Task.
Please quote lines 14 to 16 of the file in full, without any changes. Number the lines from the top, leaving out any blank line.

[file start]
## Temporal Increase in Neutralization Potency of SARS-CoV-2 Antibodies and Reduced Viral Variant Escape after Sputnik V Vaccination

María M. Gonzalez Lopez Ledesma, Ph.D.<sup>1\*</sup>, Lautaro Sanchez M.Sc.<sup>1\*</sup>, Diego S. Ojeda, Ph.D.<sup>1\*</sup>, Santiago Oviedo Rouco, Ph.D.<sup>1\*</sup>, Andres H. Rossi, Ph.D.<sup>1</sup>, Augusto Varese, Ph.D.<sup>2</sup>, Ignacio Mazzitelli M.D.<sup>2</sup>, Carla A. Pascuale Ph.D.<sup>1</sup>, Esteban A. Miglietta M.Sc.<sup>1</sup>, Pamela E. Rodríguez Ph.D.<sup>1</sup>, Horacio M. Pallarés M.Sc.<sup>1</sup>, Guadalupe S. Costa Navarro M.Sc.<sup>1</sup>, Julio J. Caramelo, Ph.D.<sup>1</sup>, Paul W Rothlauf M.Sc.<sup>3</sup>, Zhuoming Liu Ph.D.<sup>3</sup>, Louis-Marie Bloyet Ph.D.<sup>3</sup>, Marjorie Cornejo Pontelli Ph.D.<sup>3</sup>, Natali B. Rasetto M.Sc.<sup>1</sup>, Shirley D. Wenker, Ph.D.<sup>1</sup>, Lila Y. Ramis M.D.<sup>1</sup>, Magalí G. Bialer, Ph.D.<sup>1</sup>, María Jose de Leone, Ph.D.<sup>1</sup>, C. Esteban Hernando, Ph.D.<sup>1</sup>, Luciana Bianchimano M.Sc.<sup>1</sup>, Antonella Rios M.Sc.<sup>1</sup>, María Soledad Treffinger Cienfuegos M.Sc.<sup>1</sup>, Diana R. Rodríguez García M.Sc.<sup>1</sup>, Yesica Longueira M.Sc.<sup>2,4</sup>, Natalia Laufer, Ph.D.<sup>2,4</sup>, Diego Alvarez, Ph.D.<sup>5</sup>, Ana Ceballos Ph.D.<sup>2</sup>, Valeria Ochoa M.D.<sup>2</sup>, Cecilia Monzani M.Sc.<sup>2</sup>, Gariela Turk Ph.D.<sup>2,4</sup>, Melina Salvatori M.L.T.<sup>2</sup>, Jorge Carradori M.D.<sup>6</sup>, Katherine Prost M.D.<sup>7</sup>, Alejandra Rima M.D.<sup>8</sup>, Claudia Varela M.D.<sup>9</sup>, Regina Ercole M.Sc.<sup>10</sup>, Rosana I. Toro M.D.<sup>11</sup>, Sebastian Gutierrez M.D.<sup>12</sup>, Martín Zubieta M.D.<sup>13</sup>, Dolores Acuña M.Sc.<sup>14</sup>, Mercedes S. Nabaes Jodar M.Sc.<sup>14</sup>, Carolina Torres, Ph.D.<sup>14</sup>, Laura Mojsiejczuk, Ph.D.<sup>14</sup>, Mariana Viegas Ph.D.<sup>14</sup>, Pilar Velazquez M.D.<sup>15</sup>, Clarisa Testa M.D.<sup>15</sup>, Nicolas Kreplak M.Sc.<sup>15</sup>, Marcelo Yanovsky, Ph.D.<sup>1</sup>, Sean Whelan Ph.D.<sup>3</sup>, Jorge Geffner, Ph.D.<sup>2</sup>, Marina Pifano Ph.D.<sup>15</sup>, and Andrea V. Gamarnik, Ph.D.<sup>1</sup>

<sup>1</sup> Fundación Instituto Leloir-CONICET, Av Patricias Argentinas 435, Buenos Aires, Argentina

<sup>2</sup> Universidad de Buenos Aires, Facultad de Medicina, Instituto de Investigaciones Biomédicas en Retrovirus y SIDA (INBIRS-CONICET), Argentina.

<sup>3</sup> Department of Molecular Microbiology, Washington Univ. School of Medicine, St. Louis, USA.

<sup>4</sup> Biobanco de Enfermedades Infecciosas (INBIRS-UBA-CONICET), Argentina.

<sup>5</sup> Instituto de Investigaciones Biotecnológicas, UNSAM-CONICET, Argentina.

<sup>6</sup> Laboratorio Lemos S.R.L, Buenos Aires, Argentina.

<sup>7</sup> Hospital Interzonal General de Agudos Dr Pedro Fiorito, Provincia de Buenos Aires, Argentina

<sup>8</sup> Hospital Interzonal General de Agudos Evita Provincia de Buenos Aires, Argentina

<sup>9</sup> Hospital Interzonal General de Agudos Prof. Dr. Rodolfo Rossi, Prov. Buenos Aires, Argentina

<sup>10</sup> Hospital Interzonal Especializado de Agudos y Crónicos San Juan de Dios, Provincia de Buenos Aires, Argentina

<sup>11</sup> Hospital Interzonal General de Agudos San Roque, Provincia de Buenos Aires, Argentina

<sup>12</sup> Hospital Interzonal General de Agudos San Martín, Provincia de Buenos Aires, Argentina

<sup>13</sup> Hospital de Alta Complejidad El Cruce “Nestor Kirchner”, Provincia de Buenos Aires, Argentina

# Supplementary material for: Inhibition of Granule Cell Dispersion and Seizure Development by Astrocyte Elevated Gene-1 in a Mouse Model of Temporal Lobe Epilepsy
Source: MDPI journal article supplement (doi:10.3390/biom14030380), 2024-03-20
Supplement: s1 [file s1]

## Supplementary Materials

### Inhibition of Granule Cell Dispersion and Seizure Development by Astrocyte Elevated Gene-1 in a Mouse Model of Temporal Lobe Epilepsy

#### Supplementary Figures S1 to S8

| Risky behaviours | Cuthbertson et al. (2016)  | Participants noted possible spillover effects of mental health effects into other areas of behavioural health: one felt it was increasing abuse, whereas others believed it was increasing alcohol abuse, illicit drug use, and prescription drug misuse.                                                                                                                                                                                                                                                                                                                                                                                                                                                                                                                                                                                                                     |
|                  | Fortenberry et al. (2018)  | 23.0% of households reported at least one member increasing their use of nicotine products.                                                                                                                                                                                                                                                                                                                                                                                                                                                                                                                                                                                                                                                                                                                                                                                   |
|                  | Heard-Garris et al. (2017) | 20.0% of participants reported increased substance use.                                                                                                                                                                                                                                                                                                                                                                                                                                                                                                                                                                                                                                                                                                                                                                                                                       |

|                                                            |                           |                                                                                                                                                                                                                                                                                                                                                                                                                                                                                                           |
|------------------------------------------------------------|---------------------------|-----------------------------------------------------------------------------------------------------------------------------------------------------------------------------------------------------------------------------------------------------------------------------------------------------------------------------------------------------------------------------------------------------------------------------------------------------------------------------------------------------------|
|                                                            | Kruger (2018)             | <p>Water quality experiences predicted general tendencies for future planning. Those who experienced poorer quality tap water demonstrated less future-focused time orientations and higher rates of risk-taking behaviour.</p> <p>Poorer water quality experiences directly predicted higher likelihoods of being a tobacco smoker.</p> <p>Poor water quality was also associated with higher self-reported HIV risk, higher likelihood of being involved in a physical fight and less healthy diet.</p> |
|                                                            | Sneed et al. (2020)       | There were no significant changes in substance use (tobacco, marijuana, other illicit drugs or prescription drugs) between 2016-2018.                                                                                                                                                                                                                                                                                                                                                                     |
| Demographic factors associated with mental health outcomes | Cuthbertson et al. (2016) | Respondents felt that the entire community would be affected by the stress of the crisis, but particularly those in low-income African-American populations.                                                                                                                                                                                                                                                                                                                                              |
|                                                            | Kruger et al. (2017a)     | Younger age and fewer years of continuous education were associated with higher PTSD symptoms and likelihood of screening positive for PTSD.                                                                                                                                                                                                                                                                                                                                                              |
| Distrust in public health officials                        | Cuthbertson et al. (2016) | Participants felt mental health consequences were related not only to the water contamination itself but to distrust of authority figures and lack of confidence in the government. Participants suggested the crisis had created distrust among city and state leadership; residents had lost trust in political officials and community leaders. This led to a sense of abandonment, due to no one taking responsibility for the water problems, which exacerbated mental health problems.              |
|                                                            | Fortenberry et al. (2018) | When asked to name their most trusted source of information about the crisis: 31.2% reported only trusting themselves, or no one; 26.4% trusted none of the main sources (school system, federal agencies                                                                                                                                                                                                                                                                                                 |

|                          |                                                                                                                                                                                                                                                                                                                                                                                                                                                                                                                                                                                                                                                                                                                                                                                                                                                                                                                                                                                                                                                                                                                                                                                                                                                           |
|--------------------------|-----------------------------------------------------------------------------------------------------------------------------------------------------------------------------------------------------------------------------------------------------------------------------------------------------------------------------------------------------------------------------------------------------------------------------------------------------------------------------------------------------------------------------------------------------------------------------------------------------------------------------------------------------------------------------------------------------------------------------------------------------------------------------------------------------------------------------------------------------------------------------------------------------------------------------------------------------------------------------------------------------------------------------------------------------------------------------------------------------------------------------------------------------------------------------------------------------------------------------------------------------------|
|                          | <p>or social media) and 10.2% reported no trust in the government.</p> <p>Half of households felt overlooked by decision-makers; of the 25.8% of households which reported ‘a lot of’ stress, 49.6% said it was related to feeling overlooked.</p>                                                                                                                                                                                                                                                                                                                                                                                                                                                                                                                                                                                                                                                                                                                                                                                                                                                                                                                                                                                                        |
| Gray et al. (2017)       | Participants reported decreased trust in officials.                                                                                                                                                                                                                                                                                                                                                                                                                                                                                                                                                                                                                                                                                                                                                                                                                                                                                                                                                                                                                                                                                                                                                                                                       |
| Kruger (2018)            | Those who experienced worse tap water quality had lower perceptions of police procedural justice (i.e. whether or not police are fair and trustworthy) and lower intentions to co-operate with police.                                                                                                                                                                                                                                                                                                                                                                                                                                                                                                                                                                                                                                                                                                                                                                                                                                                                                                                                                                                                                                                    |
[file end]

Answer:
<sup>12</sup> Hospital Interzonal General de Agudos San Martín, Provincia de Buenos Aires, Argentina

<sup>13</sup> Hospital de Alta Complejidad El Cruce “Nestor Kirchner”, Provincia de Buenos Aires, Argentina

# Supplementary material for: Inhibition of Granule Cell Dispersion and Seizure Development by Astrocyte Elevated Gene-1 in a Mouse Model of Temporal Lobe Epilepsy